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STAR TREK: DISCOVERY - S1, E2: "Battle at the Binary Stars".

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#61 Christopher

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Posted 07 October 2017 - 10:48 AM

View PostCybersnark, on 07 October 2017 - 09:57 AM, said:

The cloned Kahless was just that (a clone with fabricated memories), but his existence (and the existence of the Boreth monastery in the first place, in the solar system Kahless supposedly picked out of the sky and promised he would be reborn) could at least be taken as evidence that the concept of reincarnation is firmly established in Klingon culture.


Which has nothing at all to do with whether it's literally real. That's the whole point. The fact that it exists as a cultural belief is exactly why the most likely explanation is that T'Kuvma is simply capitalizing on that belief to win followers. That's what the Boreth priests did -- fabricated something that fit the myth in order to advance their political and religious agenda. That's what myths are for. They're ideas that are used to motivate belief and shape cultural values.



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T'Kuvma clearly expects his claim to carry weight, and he might even believe it himself --in which case it makes no practical difference whether or not he's carrying Kahless' soul (which, from everything we know about either historical or legendary Kahless, he isn't).

Exactly. A belief doesn't have to be literally true in order to motivate people. What matters here in terms of story and character is that T'Kuvma used the belief to inspire his followers, or to gain power for himself. So to read the story as saying "This guy is literally Kahless reborn" is missing the point. That question is completely irrelevant to the story.

Plus, again, it's a genre mismatch to talk about the existence of souls as if it were an axiomatic truth in the Trek universe. Trek has always been based in a secular, rationalist worldview. When characters have spoken about souls, they've spoken of them strictly as matters of belief whose reality is impossible to verify. There are certainly incorporeal consciousnesses, but they're treated as energy matrices and stored or transferred neural engrams.

And preserving a mind isn't the same thing as preserving a soul. Religions tend to pretty vague or abstract when it comes to defining what a "soul" even is, but it's generally not treated as the same thing as a mind or consciousness per se -- otherwise you'd never get a story where characters argued over whether a sentient android or computer had a soul. And even in fantasy stories where souls are real, they aren't equated with minds or personalities. For instance, in the Avatar/Korra universe, every Avatar is a reincarnation of the same soul, but each Avatar is a distinct individual -- Korra is the reincarnation of Aang, but she's a vastly different person from Aang, with none of his memories and almost diametrically opposite character traits and abilities.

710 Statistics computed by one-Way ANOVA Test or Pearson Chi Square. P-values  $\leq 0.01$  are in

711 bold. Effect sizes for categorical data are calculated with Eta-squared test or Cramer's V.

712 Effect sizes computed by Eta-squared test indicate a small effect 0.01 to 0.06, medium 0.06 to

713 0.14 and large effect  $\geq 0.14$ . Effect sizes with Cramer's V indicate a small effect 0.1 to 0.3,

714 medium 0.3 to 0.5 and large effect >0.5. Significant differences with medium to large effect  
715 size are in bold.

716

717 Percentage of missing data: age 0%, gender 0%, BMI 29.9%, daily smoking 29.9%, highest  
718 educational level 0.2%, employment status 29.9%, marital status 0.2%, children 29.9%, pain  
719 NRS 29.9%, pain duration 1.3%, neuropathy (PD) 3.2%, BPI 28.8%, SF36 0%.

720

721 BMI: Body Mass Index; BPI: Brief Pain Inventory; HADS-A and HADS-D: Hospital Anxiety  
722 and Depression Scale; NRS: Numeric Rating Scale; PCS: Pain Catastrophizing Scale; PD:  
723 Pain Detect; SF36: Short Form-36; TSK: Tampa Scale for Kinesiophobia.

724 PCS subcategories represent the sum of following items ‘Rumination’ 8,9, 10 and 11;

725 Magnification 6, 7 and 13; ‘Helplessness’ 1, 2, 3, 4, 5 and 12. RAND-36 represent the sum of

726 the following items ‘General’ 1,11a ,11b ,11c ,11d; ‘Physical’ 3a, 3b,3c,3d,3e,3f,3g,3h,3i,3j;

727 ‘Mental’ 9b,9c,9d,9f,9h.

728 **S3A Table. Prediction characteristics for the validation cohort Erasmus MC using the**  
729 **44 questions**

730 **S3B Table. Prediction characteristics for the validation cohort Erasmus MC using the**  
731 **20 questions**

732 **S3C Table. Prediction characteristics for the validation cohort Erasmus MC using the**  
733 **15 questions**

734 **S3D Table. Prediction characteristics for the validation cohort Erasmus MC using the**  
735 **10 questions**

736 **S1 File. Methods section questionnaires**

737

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#62 Cardie

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Posted 07 October 2017 - 03:19 PM

I perhaps shouldn't speak for QT, but I thought her argument was that, if Klingons are a religious culture--we know they believe in the afterlife, Sto'vo'Kor--T'Kuvma has all the qualifications for being believed to be the reincarnation of Kahless. (We see that Kol does not buy into this.) I did not think she was arguing one way or the other about whether he was or what this reincarnation might mean in terms of Trekkian science.

Orph, T'Kuvma refers to his father's ship as "holy" and the beacon as "sacred." This may be a distinction without a difference. I took it that it was a vessel owned by his house for generations and that the house had fallen on hard times and the ship into ruin. The beacon/artifact was asserted to be built by Kahless to be kindled to call the Klingon houses together. I wasn't sure whether T'Kuvma was the first to locate it, thus bolstering his claim as Kahless reborn.
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#63 QueenTiye

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Posted 07 October 2017 - 09:08 PM

^^Precisely right.  In the context of the culture, T'kuvma's claim seems credible.

But in terms of Star Trek ethos (not science), the claim still needs to be considered as credible (which is different from factual).  How many times havehave we seen Federation officers familiarize themselves with local beliefs then use local beliefs in order to argue points they want to get across?  Indeed, the eponymous "Vulcan Kiss" is an example of diplomacy from the cultural viewpoint different from those seeking diplomacy. It seems standard procedure to become acquainted with the culture and understand it's internal logic, rather than leading from judgment against said culture.

So, I am arguing that the facts in evidence argue in favor of T'kuvma's claims.  

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#64 QueenTiye

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Posted 07 October 2017 - 09:15 PM

View PostOrpheus, on 06 October 2017 - 10:02 PM, said:

Cardie:
Of course, the question of whether Kahless' philosophy would have driven him to chose such a candidate and goal is worth exploring.

I'm not too familiar with that. As I recall, he was a great unifier, and did (metaphorically?) fight non-Klingon entities (deities), but I don't recall him being purist/xenophobic.

This of course opens the door to a familiar Trek trope: the entity or possessed body that wasn't who it seemed/claimed. (Though other shows used that much more)

Christopher: